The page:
Raymond Carver's Dying Chekhov
October 1988By Robert Coles
Robert Coles is Professor of Psychiatry and Medical Humanities at Harvard Medical School. His latest book is Harvard Diary, a collection of his columns from the NOR, published by Crossroad.
At the end of his collection of stories titled Where Im Calling From, Raymond Carver breaks pace, leaves his own mid-20th-century American world of ordinary men and women whose persistent hard luck, interrupted by brief moments of satisfaction, he has chronicled these past two decades in order to enter another century, another country, another human landscape. Errand is Carvers farewell for this publishing occasion an evocation of Chekhovs last days, last moments. A master of short fiction, Carver attends a kind of literary and historical factuality the great Chekhovs all too early, untimely encounter with death.
Carver obviously studied Chekhovs life carefully, but he does not write as a biographer. He has a dramatic presentation in mind yet another of his unsettling penetrations of our moral and social complacency. He initially gives us the Chekhov of 37, who suddenly hemorrhages in a restaurant, the first sign of a tuberculosis which would seven years later claim his life. For a long time the ailing playwright and storyteller tried to make light of his illness, even though, being a physician, too, he well knew the serious threat it posed to his life. He did so not because he was psychologically in trouble, nor out of some fatuous inclination to hope against hope, no matter the obvious progression of an invasive disease ever hungry for more and more lung Lebensraum. Nor did he do so out of religious conviction.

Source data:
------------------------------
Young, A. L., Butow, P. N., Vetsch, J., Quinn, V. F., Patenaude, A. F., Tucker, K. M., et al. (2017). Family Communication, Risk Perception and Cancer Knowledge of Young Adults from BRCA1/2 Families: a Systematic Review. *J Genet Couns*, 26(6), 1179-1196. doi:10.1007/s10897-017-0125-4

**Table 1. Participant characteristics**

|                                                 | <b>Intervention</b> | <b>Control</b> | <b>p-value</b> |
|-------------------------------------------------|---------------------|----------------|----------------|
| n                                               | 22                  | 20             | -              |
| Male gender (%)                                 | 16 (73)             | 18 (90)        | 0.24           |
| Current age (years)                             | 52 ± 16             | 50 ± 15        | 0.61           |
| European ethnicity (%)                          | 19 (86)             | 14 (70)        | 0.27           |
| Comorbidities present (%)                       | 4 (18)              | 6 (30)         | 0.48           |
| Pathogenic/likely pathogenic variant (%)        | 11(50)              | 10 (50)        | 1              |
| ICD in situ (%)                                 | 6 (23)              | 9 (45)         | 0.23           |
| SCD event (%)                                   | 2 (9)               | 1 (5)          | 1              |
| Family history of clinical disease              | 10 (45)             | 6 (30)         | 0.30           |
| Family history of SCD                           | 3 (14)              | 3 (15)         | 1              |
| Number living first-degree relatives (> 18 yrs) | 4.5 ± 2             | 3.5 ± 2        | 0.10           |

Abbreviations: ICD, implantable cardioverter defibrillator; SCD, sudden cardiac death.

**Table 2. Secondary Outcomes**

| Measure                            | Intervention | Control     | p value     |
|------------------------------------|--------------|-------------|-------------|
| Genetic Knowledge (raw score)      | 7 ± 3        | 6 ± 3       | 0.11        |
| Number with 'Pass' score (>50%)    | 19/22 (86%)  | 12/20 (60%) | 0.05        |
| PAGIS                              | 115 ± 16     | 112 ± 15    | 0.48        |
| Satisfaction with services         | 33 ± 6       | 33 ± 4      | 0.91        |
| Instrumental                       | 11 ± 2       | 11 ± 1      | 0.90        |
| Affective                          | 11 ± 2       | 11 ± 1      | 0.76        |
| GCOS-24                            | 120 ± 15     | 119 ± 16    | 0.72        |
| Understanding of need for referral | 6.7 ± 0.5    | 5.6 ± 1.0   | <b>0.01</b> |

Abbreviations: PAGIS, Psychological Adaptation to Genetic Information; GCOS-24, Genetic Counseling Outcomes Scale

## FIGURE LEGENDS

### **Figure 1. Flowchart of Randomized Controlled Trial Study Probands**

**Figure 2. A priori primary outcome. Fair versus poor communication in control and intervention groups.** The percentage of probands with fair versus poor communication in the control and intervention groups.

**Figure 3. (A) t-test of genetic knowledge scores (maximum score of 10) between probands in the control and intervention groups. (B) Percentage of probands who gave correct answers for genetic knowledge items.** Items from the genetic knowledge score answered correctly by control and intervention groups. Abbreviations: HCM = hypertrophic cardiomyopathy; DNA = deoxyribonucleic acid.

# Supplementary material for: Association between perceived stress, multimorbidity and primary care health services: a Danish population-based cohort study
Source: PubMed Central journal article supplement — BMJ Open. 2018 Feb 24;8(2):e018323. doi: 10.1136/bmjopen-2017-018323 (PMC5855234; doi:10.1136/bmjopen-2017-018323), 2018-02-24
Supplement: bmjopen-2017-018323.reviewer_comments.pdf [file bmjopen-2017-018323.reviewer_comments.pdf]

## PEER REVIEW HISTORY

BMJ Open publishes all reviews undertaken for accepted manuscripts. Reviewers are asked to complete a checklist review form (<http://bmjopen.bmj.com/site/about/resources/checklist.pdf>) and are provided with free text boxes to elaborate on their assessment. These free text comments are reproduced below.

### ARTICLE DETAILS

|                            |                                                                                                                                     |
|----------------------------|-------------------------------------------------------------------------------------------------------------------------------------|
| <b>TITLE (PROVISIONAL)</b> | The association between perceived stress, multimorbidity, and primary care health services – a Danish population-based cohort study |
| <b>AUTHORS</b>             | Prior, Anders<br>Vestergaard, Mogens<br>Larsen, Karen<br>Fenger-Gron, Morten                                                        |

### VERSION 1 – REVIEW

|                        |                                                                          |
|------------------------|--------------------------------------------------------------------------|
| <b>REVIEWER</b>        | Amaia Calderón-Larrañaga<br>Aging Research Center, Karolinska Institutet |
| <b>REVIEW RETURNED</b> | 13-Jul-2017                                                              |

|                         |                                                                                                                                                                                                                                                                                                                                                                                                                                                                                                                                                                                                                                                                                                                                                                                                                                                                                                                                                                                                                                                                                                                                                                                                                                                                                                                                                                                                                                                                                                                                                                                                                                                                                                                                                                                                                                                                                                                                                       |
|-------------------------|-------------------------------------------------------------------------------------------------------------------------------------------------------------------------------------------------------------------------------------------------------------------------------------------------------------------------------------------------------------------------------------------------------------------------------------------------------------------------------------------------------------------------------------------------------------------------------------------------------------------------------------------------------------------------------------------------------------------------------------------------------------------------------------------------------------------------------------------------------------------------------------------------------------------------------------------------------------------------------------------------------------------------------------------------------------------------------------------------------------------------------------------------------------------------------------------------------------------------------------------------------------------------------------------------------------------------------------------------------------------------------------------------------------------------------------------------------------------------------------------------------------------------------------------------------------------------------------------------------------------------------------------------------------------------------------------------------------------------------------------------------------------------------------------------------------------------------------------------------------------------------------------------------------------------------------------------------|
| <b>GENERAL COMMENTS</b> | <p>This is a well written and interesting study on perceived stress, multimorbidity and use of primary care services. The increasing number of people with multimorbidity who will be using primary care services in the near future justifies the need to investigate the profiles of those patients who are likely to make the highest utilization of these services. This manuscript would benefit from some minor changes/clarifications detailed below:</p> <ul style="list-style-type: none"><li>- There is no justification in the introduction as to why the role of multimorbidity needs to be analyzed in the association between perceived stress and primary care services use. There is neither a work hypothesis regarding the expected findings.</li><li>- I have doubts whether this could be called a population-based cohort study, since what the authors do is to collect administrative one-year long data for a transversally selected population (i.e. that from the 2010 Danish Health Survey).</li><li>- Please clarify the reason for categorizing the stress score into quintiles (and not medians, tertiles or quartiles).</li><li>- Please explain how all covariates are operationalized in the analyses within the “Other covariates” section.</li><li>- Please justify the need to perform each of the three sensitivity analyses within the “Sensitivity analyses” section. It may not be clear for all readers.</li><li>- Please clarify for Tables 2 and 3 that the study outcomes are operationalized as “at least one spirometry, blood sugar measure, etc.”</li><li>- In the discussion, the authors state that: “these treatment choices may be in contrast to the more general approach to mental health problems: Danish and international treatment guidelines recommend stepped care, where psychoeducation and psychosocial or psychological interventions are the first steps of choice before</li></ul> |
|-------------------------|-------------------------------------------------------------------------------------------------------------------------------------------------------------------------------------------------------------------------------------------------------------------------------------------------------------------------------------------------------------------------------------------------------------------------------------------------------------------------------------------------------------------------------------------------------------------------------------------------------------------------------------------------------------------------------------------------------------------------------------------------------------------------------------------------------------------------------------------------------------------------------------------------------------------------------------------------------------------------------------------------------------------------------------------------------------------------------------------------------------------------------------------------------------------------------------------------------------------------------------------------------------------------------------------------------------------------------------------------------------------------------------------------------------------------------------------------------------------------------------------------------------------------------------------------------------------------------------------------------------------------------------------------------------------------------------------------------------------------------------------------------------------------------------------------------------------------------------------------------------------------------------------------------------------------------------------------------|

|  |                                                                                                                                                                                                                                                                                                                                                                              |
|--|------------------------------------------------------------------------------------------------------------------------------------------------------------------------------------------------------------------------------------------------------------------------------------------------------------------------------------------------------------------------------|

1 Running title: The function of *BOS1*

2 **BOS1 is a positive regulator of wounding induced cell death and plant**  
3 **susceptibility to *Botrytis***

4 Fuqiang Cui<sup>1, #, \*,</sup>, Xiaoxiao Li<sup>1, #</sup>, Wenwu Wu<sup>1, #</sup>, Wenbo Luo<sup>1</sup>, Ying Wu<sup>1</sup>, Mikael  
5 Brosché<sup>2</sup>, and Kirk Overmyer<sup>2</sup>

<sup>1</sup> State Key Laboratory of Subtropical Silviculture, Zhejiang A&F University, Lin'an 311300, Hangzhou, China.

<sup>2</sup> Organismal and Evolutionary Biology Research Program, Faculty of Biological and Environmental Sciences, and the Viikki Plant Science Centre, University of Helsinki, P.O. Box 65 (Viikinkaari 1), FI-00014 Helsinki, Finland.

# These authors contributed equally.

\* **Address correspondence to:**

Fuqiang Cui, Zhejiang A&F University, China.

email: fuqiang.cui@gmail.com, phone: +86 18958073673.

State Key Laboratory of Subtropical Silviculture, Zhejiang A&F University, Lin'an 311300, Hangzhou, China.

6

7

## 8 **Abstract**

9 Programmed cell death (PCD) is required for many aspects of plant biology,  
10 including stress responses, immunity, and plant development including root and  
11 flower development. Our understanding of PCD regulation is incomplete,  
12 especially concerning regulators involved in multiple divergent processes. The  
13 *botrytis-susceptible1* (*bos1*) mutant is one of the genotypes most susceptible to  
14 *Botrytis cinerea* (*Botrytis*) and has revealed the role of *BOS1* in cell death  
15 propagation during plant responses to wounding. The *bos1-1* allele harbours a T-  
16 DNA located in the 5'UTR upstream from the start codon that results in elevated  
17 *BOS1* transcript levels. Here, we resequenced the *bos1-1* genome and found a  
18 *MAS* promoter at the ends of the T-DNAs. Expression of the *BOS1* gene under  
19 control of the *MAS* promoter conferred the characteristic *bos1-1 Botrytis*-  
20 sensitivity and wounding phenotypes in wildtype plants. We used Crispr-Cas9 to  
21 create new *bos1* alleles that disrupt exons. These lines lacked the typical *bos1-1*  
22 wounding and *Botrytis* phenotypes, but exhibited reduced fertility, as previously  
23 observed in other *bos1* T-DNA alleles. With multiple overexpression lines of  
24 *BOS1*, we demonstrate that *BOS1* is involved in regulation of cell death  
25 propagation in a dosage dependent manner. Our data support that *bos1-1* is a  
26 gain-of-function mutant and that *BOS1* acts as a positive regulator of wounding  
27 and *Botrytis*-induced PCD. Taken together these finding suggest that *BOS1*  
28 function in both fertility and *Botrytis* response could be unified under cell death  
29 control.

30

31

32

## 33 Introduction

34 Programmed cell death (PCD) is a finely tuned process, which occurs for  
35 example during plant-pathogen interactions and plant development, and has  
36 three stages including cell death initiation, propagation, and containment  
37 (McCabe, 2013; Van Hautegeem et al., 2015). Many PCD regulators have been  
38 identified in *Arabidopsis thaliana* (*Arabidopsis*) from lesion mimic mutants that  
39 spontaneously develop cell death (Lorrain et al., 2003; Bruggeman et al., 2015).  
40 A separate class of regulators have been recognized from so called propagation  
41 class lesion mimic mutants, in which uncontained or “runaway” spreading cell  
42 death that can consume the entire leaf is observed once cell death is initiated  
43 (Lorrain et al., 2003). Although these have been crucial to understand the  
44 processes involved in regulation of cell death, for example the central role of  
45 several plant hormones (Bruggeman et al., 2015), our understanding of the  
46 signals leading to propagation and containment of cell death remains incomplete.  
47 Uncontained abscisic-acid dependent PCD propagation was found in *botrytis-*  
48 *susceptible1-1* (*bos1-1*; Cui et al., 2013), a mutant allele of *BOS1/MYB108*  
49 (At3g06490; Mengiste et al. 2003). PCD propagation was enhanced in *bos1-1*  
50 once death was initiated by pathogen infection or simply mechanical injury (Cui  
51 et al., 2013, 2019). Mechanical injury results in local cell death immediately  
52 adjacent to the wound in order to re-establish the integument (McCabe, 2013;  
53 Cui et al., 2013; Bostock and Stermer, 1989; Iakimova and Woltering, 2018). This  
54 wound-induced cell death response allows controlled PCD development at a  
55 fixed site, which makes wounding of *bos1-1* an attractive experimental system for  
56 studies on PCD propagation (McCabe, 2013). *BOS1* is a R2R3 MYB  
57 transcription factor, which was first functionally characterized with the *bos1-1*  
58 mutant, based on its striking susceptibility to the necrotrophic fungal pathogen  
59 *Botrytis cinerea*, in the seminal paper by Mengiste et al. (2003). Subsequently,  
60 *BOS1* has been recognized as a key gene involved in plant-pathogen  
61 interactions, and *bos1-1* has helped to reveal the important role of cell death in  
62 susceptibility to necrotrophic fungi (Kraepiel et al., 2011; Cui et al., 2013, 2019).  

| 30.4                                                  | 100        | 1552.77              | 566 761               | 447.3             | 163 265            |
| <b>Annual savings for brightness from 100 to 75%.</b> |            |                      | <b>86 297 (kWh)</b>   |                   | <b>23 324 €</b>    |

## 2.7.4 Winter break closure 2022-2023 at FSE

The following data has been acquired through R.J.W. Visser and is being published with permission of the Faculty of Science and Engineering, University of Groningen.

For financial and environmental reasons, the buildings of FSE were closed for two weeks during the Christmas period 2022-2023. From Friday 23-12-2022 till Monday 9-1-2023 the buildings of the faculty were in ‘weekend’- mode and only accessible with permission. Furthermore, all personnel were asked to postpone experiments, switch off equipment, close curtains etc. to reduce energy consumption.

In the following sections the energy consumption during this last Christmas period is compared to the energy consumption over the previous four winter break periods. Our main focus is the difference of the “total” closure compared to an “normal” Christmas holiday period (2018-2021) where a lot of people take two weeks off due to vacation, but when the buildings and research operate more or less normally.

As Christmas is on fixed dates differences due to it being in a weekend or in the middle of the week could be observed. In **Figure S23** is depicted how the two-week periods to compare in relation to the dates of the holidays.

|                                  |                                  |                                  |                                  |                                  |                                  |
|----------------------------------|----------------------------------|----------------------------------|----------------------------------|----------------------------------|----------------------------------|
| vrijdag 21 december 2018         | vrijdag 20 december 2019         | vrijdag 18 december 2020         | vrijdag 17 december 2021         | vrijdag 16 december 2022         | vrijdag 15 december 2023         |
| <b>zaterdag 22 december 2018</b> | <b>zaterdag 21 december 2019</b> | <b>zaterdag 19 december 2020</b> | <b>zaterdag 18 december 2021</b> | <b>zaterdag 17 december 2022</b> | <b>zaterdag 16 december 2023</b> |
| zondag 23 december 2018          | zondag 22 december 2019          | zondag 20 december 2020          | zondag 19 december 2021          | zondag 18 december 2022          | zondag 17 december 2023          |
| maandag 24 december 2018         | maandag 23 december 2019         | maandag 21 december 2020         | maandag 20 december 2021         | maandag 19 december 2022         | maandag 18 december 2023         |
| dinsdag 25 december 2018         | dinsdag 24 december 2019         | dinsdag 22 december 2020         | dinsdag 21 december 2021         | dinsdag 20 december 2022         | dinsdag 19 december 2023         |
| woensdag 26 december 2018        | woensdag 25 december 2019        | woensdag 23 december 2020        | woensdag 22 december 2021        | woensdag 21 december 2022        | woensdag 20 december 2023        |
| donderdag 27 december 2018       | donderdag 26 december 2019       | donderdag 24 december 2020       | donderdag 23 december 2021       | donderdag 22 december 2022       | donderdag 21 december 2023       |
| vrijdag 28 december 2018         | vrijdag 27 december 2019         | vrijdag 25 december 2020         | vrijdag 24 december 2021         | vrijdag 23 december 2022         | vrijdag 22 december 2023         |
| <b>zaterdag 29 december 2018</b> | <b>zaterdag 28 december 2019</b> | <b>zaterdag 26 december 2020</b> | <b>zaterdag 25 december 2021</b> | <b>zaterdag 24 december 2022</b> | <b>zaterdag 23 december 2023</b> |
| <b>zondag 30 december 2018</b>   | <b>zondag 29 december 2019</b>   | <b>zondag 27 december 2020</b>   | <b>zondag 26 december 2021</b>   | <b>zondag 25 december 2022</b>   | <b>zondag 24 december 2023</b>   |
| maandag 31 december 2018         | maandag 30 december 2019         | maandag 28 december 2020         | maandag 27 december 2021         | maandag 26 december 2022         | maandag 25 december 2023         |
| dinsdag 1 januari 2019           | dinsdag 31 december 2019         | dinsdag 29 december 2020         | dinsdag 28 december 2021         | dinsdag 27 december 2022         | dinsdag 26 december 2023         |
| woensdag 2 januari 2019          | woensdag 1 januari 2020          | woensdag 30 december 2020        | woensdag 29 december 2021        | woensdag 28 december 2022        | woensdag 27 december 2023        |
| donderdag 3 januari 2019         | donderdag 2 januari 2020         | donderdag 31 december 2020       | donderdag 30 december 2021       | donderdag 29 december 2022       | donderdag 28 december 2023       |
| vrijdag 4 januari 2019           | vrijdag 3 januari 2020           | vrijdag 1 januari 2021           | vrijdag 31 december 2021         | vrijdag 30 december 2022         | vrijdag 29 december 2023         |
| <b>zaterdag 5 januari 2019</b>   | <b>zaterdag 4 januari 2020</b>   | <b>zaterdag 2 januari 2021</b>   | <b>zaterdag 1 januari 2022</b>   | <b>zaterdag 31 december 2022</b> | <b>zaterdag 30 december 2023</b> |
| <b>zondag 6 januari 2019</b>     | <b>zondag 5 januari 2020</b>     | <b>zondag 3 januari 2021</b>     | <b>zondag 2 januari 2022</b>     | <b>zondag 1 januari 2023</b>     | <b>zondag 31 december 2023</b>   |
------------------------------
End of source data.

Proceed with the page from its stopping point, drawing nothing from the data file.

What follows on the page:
In that last regard, Carver gives us Tolstoy as Chekhovs loving admirer and hospital visitor. Tolstoy assumes that all of us (humans and animals alike) will live on in a principle (such as reason or love) the essence and goals of which are a mystery to us . I have no use for that kind of immortality. I dont understand it, and he Nikolayevich was astonished I didnt. Chekhovs apparent indifference to the mortal jeopardy fate had presented him as an untimely offering was the response of a shrewd physician and observer of the human scene: we come, we go, and alarmed, wordy discussions or exclamations are to no avail.
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